The FinTech and alternative finance business industry is growing apace. For those startups sharing in that success, many will know that Asia-Pacific region is proving a key marketplace for their products and services.
Fintech Industry: A Glimpse
A recent survey from the Cambridge Centre for Alternative Finance (CCAF) highlighted the importance of the Asia-Pacific region in the rapid developing FinTech business industry. With China leading the way, the rest of the Asia Pacific region has experienced decisive growth, having increased year-on-year by 81% from USD$2 billion in 2016, to USD$3.6 billion in 2017.
This shows that alternative finance companies and digital banking are the “growth-engine” for market development. All this, to offer much-needed services to people in APAC region as well as across Europe or in the US. That’s just one reason why a growing number of international entrepreneurs, including experienced businessman and VC investor Oleg Boyko, internet entrepreneur and Adyen co-founder Peter van der Does and Alexander Graubner-Müller, CEO of Kreditech are so supportive of digital banking and financial services regional businesses.
They are working to ensure FinTech and the alternative banking and finance industry can strive ahead, break the traditional mould and provide more people than ever before with suitable access to the world of finance.
Of course, it’s not always a straightforward process creating a new finance or digital banking businesses that can achieve something important in a new and innovative way. But, the serial entrepreneur Oleg Boyko, founder and Chairman of Finstar Financial Group, describes the FinTech industry as “the biggest blue ocean” in the business world, according to a recent article. That clearly includes the Asia-Pacific region, which appears to be increasingly receptive to the provision of alternative financial services.
Boyko’s Finstar had a $150 million investment plan to support financial services and fintech businesses as well as developing portfolio`s companies in-house R&D researches, according to an article on the five-year investment plan, by CrowdFund Insider. Boyko had also specifically earmarked $50 million of that fund for the Asia-Pacific region.
Alexander Graubner-Müller, whose company recently announced ambitious plans for India’s finance market also believes that the“smart combination of new data sources with modern-age statistics/ machine learning can be very efficient to manage credit risk for customers which are not served by traditional financial institutions.”
The CCAF survey, meanwhile, outlines that innovation is a driving force for alternative finance market development across the Asia Pacific region. The firms pursuing changes to both their business models and the products on offer. In China, 15% of the company budgets are being committed to R&D departments, with approximately 75% of surveyed firms pursuing R&D into Process Streamlining and Automation.
Similarly, firms across the rest of the region have committed nearly a quarter (24%) of their operating budget towards R&D. Payment Processing, AI, and Process Streamlining & Automation are amongst the top three priorities for business models across the region.
Alternative Finance and Digital Banking in Asia
According to the third Asia Pacific Region Alternative Finance Industry Report from CCAF, alternative finance business industry has grown notably in recent years. It was worth $358 billion by the end of 2017.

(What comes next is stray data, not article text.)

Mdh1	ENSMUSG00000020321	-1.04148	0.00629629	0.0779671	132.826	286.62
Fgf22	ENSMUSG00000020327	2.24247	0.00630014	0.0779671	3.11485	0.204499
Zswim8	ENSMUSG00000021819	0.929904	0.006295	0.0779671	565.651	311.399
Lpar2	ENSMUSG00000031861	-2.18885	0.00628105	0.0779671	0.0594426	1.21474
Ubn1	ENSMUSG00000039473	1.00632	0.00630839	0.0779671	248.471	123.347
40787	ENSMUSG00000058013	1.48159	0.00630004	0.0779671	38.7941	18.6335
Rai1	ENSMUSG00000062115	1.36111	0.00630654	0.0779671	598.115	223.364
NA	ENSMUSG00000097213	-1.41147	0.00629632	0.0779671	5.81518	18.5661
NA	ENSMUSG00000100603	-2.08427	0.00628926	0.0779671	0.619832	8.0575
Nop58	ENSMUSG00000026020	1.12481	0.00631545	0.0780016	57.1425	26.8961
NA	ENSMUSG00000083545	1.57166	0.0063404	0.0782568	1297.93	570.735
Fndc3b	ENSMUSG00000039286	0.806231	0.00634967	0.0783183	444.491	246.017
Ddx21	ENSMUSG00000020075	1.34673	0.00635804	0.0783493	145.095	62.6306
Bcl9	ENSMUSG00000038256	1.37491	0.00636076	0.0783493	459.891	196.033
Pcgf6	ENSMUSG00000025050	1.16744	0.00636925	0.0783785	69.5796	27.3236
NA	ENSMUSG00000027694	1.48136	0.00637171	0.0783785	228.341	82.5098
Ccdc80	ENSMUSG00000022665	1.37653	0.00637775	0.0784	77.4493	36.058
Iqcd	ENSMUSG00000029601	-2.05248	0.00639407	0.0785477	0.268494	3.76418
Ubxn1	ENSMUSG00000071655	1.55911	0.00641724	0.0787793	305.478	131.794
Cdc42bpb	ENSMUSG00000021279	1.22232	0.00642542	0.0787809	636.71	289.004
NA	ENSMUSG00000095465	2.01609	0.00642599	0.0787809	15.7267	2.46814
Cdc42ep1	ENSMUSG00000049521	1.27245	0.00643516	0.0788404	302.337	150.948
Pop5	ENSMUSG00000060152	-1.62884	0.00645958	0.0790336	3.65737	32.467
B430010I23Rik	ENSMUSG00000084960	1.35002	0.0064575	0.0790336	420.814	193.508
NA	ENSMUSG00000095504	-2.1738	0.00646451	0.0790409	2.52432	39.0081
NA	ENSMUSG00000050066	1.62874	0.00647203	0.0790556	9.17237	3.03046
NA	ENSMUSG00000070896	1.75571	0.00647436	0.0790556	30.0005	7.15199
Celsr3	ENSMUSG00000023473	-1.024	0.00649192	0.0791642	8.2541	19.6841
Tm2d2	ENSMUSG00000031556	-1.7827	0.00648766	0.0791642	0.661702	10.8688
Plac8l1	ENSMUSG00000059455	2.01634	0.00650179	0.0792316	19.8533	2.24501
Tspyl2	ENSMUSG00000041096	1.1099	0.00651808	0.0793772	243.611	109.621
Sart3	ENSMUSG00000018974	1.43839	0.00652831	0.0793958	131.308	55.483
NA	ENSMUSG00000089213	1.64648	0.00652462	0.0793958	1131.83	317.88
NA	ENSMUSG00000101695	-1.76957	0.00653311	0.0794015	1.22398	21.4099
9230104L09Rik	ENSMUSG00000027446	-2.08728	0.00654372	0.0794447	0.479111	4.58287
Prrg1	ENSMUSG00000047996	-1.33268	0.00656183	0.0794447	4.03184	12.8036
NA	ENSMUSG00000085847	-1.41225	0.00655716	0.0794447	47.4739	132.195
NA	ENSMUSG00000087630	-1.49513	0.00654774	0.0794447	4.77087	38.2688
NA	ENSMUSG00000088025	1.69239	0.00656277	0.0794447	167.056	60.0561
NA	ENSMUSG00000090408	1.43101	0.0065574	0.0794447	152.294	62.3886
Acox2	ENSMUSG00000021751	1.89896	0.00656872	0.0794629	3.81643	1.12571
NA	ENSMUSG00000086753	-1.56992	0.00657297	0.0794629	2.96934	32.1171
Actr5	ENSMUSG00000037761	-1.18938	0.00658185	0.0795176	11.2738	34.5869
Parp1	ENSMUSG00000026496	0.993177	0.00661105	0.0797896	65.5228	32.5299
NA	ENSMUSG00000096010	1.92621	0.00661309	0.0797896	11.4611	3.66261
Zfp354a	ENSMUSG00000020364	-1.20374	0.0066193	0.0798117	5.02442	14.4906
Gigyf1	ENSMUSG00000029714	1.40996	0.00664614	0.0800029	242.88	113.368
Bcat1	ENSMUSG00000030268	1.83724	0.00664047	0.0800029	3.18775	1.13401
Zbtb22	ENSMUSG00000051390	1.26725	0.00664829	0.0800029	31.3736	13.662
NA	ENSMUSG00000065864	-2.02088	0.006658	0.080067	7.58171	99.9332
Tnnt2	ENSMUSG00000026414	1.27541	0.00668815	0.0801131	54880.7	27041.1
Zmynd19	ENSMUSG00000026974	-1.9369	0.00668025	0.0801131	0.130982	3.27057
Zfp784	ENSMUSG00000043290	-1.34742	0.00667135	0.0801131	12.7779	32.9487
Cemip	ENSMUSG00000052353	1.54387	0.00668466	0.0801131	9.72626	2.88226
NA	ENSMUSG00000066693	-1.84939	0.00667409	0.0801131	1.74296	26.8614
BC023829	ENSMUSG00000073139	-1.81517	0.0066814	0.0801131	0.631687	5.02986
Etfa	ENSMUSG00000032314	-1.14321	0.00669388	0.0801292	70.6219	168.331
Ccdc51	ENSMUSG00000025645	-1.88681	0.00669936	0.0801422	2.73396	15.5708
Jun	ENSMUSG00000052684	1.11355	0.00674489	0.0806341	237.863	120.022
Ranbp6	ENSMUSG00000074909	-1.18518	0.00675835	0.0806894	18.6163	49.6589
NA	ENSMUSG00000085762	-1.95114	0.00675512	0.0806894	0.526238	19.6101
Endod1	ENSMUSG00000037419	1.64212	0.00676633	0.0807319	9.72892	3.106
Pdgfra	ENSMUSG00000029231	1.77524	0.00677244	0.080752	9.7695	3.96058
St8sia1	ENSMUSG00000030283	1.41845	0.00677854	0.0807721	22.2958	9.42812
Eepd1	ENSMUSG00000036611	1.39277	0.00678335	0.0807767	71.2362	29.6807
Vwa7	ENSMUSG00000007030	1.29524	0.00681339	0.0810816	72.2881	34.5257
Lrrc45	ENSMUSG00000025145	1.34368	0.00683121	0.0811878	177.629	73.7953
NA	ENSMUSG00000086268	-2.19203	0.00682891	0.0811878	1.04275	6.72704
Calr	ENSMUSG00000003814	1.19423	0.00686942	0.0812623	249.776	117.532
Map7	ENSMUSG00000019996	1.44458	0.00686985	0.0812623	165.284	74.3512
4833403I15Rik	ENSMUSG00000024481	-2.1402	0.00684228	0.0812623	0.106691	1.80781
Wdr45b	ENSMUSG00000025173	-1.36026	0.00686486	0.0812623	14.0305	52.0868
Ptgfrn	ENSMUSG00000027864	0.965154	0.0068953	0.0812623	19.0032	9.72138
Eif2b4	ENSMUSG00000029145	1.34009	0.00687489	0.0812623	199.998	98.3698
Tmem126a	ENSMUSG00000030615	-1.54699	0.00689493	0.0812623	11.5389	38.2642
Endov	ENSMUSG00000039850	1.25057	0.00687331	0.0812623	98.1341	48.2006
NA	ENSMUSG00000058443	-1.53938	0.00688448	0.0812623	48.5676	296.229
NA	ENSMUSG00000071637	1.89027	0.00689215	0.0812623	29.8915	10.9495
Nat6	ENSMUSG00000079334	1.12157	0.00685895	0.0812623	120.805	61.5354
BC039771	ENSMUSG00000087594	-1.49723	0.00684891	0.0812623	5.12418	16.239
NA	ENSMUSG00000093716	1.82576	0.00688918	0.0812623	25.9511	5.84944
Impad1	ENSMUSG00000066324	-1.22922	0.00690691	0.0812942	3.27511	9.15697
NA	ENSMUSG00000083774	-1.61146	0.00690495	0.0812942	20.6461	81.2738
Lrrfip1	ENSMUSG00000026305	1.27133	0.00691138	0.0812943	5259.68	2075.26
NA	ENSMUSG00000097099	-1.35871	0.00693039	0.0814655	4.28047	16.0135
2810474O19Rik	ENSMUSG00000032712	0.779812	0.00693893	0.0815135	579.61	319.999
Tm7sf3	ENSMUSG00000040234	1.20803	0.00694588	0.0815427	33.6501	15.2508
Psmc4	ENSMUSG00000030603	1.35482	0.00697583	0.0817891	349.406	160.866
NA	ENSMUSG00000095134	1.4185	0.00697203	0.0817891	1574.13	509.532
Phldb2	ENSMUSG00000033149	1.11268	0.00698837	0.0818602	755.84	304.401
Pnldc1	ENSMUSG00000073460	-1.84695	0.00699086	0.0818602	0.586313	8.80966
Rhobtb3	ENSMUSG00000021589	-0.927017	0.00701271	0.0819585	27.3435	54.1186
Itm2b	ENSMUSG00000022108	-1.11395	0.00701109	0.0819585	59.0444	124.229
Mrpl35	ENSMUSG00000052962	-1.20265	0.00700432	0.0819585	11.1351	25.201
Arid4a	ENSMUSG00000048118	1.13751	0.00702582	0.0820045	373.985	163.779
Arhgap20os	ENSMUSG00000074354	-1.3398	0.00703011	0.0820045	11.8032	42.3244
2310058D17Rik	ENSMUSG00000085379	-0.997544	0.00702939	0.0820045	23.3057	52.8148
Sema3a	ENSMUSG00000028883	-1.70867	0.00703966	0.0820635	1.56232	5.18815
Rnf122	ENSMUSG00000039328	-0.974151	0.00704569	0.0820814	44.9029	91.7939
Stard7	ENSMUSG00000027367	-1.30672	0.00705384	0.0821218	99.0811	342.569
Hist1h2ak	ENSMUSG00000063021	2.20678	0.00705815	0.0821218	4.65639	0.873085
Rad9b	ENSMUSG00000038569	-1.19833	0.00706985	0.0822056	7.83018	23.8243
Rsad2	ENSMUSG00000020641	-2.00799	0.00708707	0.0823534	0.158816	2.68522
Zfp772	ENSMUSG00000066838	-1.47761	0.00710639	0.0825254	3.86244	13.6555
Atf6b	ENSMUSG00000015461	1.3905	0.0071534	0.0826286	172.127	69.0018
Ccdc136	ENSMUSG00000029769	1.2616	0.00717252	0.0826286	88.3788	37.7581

The report did note that while that’s a large figure, growth in China, which is the main driver of the new finance business industry across the region, slowed to grow at a pace of 47% in 2017. While that’s an impressive rate, it’s dwarfed by the 138% rate of growth experienced by FinTech startups and new financial services businesses, during 2016.
Across the whole of the Asia-Pacific region, however, the alternative finance market has surged by some 81% to a value of $3.6 billion.
Alternative finance engine shifts from China to Southeast Asia and India
While China has been the main driver of alternative finance businesses and initiatives. The increased regulatory interest from the authorities has contributed to a slowdown. However, the broader region remains responsive to the growing provision of new finance businesses. Now, India and Southeast Asia are well-positioned to benefit from investment interest in the industry.
Large populations, many of whom are ‘unbanked’ but gaining better and easier access to the internet is one of the major reasons behind that shift.
Indeed, a recent study shows Southeast Asia has over 150 million adults over 25 years old who remain without regular or reliable access to a banking system.
The research also shows that during 2017, India gained 41% of total alternative finance deals across Asia. While the number of new deals in the sector in China declined by 15% in 2017 from 2016. For Indonesia, clarification of peer-to-peer lending rules is supporting increased interest in the sector, there.
The provision of new financial services and digital banking business ideas is something that looks set to continue in years to come. For now, it also appears as though the right new innovations to satisfy the changing financial needs of consumers in APAC, will be able to find the support they need.
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What’s your take on this changing scenario in the fintech industry? Feel free to share your feedback on the same.